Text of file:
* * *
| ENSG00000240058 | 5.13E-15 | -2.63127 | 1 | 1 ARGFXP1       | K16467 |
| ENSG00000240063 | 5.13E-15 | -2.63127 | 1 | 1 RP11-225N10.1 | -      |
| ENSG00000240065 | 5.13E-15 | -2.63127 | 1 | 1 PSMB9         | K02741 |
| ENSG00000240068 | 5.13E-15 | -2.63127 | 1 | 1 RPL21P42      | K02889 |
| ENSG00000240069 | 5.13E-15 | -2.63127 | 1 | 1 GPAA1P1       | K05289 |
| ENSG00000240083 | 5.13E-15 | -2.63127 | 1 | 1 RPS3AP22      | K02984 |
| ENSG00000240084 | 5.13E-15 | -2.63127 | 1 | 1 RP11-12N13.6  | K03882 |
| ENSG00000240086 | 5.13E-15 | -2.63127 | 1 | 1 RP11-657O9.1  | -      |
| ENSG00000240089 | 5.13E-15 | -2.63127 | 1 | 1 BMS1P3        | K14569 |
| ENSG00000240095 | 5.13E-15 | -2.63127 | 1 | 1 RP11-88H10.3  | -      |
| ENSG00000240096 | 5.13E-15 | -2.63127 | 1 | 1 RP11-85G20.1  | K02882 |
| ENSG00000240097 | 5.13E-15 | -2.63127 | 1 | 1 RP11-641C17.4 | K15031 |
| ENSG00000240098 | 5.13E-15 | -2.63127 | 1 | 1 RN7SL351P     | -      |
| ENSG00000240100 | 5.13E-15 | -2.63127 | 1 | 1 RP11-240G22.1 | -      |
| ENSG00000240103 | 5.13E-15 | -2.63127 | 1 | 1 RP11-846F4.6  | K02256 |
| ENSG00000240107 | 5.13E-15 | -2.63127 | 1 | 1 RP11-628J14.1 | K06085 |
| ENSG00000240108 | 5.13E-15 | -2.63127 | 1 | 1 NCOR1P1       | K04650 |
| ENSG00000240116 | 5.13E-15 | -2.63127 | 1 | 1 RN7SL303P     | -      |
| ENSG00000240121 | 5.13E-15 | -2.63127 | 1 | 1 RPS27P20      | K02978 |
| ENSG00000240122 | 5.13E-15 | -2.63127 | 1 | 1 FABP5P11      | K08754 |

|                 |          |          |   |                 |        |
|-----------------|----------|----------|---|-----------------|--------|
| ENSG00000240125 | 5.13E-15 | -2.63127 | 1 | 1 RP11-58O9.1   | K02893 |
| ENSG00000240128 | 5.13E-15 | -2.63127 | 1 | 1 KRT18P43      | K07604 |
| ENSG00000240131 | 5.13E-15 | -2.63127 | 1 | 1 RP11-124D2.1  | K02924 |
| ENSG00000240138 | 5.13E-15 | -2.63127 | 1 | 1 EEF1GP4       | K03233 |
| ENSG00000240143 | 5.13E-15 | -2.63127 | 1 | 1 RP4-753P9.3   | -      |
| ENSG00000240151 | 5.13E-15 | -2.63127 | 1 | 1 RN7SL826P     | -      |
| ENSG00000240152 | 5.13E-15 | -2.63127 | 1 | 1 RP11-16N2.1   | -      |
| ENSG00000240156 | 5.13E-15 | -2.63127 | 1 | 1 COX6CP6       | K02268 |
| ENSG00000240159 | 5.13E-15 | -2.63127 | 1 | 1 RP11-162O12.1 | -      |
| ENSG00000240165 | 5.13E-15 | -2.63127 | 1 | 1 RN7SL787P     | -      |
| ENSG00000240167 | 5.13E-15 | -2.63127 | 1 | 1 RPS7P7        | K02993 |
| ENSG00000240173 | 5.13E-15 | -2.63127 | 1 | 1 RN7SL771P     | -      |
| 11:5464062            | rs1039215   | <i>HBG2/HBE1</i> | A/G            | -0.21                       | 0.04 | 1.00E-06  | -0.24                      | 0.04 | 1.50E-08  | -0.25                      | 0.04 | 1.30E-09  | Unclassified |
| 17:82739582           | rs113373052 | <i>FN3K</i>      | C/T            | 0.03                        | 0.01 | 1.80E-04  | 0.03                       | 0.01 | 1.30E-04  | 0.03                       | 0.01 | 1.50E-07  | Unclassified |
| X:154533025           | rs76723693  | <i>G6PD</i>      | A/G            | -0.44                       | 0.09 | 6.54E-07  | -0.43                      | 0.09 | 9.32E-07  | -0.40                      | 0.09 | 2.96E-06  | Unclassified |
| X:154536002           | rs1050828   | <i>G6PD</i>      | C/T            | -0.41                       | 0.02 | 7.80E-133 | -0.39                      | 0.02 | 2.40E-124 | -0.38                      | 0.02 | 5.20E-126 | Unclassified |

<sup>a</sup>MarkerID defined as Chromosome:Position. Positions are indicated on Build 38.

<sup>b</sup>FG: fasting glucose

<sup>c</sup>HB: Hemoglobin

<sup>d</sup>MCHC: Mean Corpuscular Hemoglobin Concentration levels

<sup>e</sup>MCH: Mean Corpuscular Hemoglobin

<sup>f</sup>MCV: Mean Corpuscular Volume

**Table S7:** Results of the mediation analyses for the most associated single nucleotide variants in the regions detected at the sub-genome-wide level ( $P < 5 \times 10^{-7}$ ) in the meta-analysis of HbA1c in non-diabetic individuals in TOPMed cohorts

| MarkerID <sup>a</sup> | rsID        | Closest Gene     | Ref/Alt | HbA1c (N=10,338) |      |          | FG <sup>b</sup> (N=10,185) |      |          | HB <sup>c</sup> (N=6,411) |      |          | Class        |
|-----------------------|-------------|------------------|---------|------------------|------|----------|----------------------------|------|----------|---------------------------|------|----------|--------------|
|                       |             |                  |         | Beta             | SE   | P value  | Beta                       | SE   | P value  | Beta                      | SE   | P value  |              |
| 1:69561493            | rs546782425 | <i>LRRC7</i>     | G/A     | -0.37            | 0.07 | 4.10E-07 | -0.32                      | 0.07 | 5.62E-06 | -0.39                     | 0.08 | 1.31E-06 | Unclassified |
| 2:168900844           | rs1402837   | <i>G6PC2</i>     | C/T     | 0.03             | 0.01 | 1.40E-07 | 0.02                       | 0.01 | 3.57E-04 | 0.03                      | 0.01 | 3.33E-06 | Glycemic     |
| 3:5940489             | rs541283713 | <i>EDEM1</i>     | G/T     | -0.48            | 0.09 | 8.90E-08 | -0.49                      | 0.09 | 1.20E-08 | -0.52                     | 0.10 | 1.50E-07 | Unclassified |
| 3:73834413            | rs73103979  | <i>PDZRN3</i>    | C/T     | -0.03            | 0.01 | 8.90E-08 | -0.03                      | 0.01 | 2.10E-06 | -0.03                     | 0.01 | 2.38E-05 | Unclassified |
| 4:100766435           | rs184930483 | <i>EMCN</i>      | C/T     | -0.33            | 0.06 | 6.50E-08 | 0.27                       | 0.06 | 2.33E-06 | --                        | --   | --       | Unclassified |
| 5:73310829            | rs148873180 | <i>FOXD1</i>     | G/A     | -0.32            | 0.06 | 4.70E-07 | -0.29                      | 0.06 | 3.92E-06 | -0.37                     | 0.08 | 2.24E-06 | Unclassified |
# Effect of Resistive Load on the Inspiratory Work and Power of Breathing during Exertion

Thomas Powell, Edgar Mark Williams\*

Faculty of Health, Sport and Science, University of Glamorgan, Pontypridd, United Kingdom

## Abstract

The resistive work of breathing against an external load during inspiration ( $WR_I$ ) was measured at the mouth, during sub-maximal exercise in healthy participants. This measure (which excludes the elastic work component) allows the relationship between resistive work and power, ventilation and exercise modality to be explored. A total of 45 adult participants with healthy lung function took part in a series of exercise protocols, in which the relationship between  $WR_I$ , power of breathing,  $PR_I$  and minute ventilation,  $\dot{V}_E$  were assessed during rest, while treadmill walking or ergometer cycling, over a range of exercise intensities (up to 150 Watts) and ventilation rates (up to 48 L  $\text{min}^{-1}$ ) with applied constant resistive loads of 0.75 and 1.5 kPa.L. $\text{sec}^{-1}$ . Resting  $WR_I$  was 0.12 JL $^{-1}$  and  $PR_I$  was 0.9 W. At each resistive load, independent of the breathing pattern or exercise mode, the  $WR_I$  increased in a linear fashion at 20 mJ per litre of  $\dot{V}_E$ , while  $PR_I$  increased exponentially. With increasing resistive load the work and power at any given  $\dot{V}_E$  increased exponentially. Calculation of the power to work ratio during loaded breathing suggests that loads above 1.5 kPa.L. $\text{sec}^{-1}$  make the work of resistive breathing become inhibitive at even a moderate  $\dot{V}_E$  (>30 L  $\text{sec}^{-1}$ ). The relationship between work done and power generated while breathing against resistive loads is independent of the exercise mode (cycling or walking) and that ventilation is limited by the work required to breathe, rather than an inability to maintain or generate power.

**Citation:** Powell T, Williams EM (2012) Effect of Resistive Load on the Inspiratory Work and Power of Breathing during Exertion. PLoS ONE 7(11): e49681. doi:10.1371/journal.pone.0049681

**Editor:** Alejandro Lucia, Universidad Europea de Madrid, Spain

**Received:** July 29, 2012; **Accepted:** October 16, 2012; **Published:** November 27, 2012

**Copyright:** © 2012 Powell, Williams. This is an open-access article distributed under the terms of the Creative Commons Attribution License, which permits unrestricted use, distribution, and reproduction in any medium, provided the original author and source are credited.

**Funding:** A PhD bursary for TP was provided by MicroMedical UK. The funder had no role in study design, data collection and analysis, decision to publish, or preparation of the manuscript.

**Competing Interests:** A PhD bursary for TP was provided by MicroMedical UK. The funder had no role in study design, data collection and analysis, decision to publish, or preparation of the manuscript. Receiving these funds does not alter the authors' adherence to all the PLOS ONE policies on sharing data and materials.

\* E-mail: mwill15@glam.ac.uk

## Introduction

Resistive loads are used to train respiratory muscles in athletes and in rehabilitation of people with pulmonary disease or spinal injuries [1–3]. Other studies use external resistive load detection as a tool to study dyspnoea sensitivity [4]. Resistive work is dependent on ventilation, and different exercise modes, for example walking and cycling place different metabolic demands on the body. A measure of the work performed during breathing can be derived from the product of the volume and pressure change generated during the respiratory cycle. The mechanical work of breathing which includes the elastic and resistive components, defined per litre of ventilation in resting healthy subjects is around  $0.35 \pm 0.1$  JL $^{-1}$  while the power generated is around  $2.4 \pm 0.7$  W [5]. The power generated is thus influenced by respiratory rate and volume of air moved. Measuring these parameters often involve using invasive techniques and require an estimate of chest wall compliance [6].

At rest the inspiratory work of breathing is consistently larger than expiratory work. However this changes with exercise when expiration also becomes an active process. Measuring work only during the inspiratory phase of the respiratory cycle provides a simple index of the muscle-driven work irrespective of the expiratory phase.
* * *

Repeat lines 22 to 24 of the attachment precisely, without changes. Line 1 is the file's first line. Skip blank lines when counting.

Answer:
|-----------------|----------|----------|---|-----------------|--------|
| ENSG00000240125 | 5.13E-15 | -2.63127 | 1 | 1 RP11-58O9.1   | K02893 |
| ENSG00000240128 | 5.13E-15 | -2.63127 | 1 | 1 KRT18P43      | K07604 |